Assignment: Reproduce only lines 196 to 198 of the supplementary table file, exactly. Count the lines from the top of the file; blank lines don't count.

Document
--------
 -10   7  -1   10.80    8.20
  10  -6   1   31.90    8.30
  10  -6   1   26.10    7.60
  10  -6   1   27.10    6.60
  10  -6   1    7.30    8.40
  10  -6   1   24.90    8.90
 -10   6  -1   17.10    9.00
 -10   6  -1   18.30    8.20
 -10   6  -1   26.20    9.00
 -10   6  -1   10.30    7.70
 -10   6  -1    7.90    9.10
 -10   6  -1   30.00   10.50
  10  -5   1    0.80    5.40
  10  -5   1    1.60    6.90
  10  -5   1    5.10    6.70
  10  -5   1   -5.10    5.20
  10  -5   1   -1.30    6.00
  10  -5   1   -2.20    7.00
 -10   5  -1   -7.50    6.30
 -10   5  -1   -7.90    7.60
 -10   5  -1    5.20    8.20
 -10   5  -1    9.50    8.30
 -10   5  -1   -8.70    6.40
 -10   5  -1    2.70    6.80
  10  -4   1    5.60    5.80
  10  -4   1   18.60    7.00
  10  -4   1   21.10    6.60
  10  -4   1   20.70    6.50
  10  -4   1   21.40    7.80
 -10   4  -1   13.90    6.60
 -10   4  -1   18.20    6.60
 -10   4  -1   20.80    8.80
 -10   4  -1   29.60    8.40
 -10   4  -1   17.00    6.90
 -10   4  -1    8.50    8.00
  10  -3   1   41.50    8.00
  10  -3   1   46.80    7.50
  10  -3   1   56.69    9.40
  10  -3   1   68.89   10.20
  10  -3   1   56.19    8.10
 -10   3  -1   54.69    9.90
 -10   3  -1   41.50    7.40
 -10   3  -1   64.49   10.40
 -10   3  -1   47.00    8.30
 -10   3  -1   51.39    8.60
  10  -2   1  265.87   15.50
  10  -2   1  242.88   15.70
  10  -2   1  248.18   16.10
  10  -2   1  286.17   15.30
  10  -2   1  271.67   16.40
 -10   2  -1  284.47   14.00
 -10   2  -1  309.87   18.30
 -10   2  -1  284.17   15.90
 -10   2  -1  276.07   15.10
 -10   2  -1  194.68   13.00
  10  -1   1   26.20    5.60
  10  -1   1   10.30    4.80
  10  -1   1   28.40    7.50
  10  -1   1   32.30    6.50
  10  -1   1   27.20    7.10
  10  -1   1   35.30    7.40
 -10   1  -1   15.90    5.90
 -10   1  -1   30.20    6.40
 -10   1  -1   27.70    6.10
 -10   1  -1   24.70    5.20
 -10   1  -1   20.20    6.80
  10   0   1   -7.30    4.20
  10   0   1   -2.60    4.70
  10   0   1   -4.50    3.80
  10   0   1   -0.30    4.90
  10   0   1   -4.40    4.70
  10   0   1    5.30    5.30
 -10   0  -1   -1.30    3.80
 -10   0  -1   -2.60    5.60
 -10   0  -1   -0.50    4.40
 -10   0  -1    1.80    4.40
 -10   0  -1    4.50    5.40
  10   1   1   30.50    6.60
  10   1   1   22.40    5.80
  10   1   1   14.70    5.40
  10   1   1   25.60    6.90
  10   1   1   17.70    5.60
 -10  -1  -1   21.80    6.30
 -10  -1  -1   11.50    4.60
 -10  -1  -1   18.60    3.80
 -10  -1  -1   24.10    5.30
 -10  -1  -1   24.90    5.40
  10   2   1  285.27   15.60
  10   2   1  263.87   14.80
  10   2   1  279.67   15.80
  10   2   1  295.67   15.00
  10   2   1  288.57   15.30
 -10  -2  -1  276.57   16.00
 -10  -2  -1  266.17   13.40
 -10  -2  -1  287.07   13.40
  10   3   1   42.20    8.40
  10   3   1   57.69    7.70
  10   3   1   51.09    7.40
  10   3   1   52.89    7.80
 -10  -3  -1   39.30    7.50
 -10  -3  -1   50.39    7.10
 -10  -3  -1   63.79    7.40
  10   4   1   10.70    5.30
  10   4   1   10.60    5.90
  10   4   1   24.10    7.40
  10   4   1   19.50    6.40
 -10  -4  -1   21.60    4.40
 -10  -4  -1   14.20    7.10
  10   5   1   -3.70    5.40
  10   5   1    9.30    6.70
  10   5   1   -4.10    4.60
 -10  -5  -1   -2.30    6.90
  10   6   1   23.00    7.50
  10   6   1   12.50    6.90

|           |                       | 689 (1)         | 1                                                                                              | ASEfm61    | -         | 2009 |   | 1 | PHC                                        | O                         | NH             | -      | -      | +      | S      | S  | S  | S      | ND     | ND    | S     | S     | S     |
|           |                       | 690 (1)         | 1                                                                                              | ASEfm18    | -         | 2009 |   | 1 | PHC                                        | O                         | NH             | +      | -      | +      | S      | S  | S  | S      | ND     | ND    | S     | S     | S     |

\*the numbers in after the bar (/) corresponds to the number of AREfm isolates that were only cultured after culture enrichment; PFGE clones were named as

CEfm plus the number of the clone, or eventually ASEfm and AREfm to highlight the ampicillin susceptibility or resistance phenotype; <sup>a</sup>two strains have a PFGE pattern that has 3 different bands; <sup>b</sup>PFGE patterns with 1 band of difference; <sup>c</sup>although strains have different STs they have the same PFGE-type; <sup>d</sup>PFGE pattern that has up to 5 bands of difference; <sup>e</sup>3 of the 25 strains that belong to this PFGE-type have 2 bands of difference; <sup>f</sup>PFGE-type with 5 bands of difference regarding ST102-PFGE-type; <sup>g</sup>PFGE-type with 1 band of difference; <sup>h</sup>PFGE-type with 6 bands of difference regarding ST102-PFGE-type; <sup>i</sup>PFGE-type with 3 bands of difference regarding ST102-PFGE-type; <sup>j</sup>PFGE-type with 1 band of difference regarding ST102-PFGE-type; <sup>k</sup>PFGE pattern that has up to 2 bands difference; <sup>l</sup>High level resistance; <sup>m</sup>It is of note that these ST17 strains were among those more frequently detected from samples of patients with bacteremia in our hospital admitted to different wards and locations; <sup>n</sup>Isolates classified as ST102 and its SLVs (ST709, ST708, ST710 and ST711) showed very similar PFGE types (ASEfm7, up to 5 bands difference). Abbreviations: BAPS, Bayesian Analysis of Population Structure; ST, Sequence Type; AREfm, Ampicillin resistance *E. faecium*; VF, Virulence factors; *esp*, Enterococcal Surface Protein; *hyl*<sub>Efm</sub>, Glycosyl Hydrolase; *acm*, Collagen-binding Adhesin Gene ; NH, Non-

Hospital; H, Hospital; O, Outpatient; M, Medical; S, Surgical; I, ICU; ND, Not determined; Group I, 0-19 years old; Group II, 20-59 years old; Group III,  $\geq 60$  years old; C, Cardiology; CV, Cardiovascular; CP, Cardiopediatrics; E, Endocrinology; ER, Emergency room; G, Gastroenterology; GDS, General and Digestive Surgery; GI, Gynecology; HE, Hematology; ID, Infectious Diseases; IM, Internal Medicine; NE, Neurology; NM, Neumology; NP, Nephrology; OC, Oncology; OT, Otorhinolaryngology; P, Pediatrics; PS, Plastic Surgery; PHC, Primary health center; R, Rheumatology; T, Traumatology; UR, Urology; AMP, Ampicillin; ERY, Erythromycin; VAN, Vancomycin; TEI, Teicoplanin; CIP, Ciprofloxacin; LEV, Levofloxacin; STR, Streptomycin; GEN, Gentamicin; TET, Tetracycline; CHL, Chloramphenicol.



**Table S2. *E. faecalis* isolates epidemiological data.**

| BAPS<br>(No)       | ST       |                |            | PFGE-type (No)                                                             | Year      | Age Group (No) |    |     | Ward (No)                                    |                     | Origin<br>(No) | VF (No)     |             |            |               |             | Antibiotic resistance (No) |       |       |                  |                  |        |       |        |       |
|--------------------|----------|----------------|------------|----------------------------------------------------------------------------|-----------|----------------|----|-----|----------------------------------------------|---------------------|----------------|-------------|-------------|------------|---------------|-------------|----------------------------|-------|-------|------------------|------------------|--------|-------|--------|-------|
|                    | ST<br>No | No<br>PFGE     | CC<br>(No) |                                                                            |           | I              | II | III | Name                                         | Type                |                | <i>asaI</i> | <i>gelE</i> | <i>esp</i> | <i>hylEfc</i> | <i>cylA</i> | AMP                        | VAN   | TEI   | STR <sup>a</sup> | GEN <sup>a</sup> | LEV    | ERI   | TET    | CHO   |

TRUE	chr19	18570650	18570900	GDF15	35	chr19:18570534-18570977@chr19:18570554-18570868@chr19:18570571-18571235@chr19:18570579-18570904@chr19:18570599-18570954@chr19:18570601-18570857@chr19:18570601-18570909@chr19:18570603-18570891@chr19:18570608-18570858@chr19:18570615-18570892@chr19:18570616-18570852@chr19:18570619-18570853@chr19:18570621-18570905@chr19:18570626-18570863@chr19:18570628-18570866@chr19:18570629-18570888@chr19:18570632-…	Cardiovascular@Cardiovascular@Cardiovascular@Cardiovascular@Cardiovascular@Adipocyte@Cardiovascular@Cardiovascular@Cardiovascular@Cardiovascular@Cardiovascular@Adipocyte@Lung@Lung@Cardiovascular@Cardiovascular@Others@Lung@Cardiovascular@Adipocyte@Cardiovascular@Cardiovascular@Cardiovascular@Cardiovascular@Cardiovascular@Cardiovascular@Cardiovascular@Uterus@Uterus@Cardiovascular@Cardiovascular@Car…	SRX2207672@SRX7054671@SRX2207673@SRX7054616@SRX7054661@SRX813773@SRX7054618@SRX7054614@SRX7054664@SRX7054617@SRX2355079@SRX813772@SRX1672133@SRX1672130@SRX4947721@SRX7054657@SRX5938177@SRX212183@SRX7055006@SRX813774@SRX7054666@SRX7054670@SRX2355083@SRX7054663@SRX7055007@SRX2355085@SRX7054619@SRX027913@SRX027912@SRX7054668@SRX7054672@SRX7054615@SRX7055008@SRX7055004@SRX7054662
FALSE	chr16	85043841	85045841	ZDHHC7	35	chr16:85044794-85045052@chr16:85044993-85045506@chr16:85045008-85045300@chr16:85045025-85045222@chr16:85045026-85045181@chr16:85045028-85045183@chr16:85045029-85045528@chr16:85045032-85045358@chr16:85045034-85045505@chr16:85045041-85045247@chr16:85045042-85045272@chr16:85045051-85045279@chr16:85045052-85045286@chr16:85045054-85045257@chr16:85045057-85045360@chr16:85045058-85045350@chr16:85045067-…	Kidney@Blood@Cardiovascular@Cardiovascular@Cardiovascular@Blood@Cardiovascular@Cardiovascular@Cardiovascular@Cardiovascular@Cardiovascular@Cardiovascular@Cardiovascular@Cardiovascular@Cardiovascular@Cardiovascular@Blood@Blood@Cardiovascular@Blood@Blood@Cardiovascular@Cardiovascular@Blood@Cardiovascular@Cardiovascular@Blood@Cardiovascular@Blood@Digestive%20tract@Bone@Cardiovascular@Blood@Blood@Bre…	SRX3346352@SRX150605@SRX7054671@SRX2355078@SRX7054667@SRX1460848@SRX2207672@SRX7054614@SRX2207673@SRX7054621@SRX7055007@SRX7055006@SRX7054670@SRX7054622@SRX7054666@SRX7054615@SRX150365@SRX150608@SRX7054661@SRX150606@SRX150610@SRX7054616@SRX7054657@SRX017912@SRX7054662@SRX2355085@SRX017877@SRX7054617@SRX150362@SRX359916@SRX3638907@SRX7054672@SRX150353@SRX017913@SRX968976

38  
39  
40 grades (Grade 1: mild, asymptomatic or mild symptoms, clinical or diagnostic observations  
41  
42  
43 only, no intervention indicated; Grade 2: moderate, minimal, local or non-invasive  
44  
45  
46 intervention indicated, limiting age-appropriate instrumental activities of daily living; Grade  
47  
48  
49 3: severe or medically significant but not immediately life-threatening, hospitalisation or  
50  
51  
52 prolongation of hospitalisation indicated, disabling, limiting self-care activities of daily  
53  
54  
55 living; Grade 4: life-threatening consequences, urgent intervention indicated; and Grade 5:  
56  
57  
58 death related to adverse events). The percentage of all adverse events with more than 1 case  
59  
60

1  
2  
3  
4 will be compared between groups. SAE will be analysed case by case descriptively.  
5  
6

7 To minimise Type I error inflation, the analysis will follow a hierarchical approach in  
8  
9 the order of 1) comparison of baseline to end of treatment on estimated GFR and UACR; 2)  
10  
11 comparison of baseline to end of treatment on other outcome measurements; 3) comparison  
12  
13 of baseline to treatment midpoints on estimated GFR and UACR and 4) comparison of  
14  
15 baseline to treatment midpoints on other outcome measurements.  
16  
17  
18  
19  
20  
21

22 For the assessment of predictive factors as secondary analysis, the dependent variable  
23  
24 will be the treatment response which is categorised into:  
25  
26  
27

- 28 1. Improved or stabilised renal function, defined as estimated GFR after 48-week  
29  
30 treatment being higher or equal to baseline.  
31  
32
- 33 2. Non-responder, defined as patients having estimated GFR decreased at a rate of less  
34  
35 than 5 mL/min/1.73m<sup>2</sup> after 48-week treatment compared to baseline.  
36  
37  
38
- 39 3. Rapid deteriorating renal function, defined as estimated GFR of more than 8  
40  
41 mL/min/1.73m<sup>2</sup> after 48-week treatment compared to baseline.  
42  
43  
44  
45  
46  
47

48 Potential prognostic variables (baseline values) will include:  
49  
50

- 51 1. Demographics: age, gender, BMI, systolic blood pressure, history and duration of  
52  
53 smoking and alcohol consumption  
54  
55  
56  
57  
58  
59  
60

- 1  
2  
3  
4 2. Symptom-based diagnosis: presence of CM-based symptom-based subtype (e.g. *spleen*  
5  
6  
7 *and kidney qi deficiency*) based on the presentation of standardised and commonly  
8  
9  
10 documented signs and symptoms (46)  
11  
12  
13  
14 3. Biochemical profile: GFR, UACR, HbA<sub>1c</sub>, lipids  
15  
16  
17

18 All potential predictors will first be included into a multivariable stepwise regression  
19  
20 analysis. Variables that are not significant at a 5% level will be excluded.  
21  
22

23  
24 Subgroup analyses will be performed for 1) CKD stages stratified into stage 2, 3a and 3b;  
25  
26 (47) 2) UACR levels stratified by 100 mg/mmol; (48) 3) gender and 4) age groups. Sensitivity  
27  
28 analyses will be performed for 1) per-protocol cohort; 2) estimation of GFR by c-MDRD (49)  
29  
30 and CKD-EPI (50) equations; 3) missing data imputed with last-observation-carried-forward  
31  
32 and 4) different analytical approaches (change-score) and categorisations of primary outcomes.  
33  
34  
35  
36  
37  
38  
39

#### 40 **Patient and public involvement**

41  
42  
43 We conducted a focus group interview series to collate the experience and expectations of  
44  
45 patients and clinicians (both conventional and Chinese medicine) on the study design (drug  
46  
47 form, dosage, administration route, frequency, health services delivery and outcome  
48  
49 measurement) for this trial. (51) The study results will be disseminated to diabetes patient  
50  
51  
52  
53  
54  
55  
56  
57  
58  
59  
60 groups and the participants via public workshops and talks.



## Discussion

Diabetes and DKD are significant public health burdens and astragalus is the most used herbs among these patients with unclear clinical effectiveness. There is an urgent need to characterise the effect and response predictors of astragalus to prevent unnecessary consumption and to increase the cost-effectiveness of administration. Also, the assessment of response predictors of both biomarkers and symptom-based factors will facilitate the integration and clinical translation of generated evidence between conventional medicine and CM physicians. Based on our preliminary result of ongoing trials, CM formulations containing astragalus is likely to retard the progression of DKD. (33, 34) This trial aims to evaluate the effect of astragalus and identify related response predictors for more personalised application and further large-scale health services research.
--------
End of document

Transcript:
48 Potential prognostic variables (baseline values) will include:  
49  
50